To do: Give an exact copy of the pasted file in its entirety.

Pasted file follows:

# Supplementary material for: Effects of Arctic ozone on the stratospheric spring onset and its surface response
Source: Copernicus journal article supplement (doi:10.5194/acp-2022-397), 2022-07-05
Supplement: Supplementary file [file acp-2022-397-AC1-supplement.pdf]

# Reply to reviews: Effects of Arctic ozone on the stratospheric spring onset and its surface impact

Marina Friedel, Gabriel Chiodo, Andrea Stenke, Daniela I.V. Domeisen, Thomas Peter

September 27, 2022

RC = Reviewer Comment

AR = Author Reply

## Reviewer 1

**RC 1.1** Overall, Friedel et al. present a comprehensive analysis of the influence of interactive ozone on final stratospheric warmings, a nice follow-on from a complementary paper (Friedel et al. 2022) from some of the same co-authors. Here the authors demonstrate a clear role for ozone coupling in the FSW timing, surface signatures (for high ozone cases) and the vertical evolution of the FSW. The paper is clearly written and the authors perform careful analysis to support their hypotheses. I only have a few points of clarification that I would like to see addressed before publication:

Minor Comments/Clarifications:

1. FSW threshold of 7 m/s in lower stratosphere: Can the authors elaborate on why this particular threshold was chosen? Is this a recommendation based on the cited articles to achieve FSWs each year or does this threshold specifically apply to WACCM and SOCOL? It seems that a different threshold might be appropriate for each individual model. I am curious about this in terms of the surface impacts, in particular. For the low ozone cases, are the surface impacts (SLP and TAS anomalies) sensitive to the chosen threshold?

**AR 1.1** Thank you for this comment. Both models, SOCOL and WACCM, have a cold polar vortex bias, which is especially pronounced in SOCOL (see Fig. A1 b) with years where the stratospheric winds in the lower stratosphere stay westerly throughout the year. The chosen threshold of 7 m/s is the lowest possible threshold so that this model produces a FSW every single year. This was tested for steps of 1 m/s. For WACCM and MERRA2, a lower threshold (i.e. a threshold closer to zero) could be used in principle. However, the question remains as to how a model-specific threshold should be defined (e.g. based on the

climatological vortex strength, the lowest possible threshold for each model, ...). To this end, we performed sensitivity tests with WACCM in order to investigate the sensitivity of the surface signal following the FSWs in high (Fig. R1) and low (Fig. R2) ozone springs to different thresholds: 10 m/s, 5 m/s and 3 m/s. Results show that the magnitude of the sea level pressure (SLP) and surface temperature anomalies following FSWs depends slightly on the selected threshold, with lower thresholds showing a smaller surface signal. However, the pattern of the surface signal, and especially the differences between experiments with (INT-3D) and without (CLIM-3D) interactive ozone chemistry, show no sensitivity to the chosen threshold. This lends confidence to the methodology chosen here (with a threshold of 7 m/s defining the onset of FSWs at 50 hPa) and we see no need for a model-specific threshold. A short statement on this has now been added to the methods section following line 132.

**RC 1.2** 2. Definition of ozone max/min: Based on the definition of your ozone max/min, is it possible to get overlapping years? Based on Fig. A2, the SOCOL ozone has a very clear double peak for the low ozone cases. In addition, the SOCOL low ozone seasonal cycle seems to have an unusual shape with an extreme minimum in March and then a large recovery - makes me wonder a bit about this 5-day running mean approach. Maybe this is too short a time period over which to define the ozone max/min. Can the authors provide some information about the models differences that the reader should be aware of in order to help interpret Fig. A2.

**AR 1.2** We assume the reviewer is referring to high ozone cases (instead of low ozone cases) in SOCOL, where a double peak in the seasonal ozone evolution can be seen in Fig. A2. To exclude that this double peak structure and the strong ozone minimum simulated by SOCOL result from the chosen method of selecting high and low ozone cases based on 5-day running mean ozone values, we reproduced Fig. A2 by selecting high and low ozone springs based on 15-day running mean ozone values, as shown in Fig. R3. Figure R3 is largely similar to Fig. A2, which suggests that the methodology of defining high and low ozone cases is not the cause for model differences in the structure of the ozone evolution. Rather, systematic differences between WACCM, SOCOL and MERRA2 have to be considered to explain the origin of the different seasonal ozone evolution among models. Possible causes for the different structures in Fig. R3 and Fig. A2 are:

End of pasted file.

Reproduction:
# Supplementary material for: Effects of Arctic ozone on the stratospheric spring onset and its surface response
Source: Copernicus journal article supplement (doi:10.5194/acp-2022-397), 2022-07-05
Supplement: Supplementary file [file acp-2022-397-AC1-supplement.pdf]

# Reply to reviews: Effects of Arctic ozone on the stratospheric spring onset and its surface impact

Marina Friedel, Gabriel Chiodo, Andrea Stenke, Daniela I.V. Domeisen, Thomas Peter

September 27, 2022

RC = Reviewer Comment

AR = Author Reply

## Reviewer 1

**RC 1.1** Overall, Friedel et al. present a comprehensive analysis of the influence of interactive ozone on final stratospheric warmings, a nice follow-on from a complementary paper (Friedel et al. 2022) from some of the same co-authors. Here the authors demonstrate a clear role for ozone coupling in the FSW timing, surface signatures (for high ozone cases) and the vertical evolution of the FSW. The paper is clearly written and the authors perform careful analysis to support their hypotheses. I only have a few points of clarification that I would like to see addressed before publication:

Minor Comments/Clarifications:

1. FSW threshold of 7 m/s in lower stratosphere: Can the authors elaborate on why this particular threshold was chosen? Is this a recommendation based on the cited articles to achieve FSWs each year or does this threshold specifically apply to WACCM and SOCOL? It seems that a different threshold might be appropriate for each individual model. I am curious about this in terms of the surface impacts, in particular. For the low ozone cases, are the surface impacts (SLP and TAS anomalies) sensitive to the chosen threshold?

**AR 1.1** Thank you for this comment. Both models, SOCOL and WACCM, have a cold polar vortex bias, which is especially pronounced in SOCOL (see Fig. A1 b) with years where the stratospheric winds in the lower stratosphere stay westerly throughout the year. The chosen threshold of 7 m/s is the lowest possible threshold so that this model produces a FSW every single year. This was tested for steps of 1 m/s. For WACCM and MERRA2, a lower threshold (i.e. a threshold closer to zero) could be used in principle. However, the question remains as to how a model-specific threshold should be defined (e.g. based on the

climatological vortex strength, the lowest possible threshold for each model, ...). To this end, we performed sensitivity tests with WACCM in order to investigate the sensitivity of the surface signal following the FSWs in high (Fig. R1) and low (Fig. R2) ozone springs to different thresholds: 10 m/s, 5 m/s and 3 m/s. Results show that the magnitude of the sea level pressure (SLP) and surface temperature anomalies following FSWs depends slightly on the selected threshold, with lower thresholds showing a smaller surface signal. However, the pattern of the surface signal, and especially the differences between experiments with (INT-3D) and without (CLIM-3D) interactive ozone chemistry, show no sensitivity to the chosen threshold. This lends confidence to the methodology chosen here (with a threshold of 7 m/s defining the onset of FSWs at 50 hPa) and we see no need for a model-specific threshold. A short statement on this has now been added to the methods section following line 132.

**RC 1.2** 2. Definition of ozone max/min: Based on the definition of your ozone max/min, is it possible to get overlapping years? Based on Fig. A2, the SOCOL ozone has a very clear double peak for the low ozone cases. In addition, the SOCOL low ozone seasonal cycle seems to have an unusual shape with an extreme minimum in March and then a large recovery - makes me wonder a bit about this 5-day running mean approach. Maybe this is too short a time period over which to define the ozone max/min. Can the authors provide some information about the models differences that the reader should be aware of in order to help interpret Fig. A2.

**AR 1.2** We assume the reviewer is referring to high ozone cases (instead of low ozone cases) in SOCOL, where a double peak in the seasonal ozone evolution can be seen in Fig. A2. To exclude that this double peak structure and the strong ozone minimum simulated by SOCOL result from the chosen method of selecting high and low ozone cases based on 5-day running mean ozone values, we reproduced Fig. A2 by selecting high and low ozone springs based on 15-day running mean ozone values, as shown in Fig. R3. Figure R3 is largely similar to Fig. A2, which suggests that the methodology of defining high and low ozone cases is not the cause for model differences in the structure of the ozone evolution. Rather, systematic differences between WACCM, SOCOL and MERRA2 have to be considered to explain the origin of the different seasonal ozone evolution among models. Possible causes for the different structures in Fig. R3 and Fig. A2 are: